Determining the sources of macroalgae during beach stranding events from species composition, stable isotope analysis, and laboratory experiments
Milbrandt, E.C., L. Reidenbach, and M. Parsons
Published In 2019
Estuaries and Coasts 42(3):719–730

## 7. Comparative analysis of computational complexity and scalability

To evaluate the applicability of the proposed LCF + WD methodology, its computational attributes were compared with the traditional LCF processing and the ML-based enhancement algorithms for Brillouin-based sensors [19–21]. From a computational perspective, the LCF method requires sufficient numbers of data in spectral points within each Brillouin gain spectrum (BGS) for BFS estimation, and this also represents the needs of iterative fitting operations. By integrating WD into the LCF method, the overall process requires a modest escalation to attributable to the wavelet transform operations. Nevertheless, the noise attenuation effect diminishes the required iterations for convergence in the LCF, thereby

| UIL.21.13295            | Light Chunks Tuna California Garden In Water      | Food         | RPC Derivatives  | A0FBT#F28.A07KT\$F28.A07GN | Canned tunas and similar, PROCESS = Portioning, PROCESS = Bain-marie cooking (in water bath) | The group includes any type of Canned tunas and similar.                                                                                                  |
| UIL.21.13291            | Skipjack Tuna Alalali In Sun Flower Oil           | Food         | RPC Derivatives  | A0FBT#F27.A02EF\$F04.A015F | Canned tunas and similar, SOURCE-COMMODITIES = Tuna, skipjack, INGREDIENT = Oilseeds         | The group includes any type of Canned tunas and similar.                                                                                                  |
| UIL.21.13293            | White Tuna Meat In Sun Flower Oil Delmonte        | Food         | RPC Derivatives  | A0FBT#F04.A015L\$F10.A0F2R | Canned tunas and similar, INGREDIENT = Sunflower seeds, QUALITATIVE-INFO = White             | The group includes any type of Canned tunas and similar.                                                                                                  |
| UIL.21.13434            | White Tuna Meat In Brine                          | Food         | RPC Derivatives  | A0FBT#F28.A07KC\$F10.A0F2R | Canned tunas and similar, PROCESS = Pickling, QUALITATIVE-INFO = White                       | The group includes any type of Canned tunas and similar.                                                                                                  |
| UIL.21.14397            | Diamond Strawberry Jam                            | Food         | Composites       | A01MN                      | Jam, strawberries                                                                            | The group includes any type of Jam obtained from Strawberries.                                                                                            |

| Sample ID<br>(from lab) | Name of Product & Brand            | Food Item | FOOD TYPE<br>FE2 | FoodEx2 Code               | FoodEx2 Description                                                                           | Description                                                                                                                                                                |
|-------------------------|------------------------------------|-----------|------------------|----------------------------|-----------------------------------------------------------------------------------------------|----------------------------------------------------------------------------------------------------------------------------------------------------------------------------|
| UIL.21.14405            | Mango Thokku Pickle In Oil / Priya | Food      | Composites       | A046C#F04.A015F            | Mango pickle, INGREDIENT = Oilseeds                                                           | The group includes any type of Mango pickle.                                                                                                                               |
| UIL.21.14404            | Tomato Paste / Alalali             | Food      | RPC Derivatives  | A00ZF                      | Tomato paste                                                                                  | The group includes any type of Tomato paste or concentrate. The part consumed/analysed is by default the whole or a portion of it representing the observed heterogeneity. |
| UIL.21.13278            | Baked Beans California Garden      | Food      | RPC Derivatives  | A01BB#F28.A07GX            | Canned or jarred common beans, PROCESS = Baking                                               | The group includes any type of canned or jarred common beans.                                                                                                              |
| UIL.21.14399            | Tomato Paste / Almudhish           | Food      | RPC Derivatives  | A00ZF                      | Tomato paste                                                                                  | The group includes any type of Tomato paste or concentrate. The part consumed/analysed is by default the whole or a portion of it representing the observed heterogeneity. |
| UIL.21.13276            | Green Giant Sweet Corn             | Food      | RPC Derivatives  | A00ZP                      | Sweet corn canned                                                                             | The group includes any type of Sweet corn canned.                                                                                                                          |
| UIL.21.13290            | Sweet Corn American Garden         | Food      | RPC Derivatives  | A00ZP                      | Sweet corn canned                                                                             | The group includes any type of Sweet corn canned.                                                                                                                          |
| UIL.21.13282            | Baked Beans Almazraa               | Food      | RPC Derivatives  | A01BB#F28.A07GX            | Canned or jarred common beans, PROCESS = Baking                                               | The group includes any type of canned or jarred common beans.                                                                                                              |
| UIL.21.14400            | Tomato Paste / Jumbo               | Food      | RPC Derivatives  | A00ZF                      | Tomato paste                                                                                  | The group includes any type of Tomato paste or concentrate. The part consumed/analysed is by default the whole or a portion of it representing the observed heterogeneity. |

Large accumulations of stranded macroalgae on the beaches of Sanibel Island from 2004 to 2007 were unusual and thought to be driven by high rainfall and river flows stemming from a high frequency of hurricanes. The southwest Florida shelf was thought to be isolated from far-field effects such as high river flows and urbanization but field- and laboratory-based studies suggest that nitrogen enrichment, fragmentation, and species composition of macroalgal communities on the shelf and in the estuary contribute to beach stranding events. Macroalgae were sampled using a belt transect method to determine species distribution and abundance. Macroalgae were abundant (1) in the lower estuary with abundant seagrass and (2) on limestone outcroppings in the Gulf of Mexico. An MDS analysis of the quadrat samples indicated two distinct macroalgal community types, a “Sound” assemblage around Pine Island Sound and a “Gulf” assemblage, associated with a live bottom and patch reef in the Gulf of Mexico. Peak abundances for the two community types differed with the Gulf having peak abundances from July to November, while peak abundances in the Sound occurred from January to July. Sound macroalgal tissue had significantly enriched δ15N compared to Gulf tissue when all species were combined and in five of six species collected at both locations suggesting that stable isotope analysis could be useful in combination with species composition in determining the source of macroalgae during stranding events. In addition, a laboratory study was conducted on four species that were sampled and frequently collected as a result of stranding events. Laboratory growth experiments demonstrated the potential for three of four common species (Solieria filiformis, Gracilaria tikvahiae, Agardhiella subulata) to fragment and grow significantly more under elevated nitrate conditions.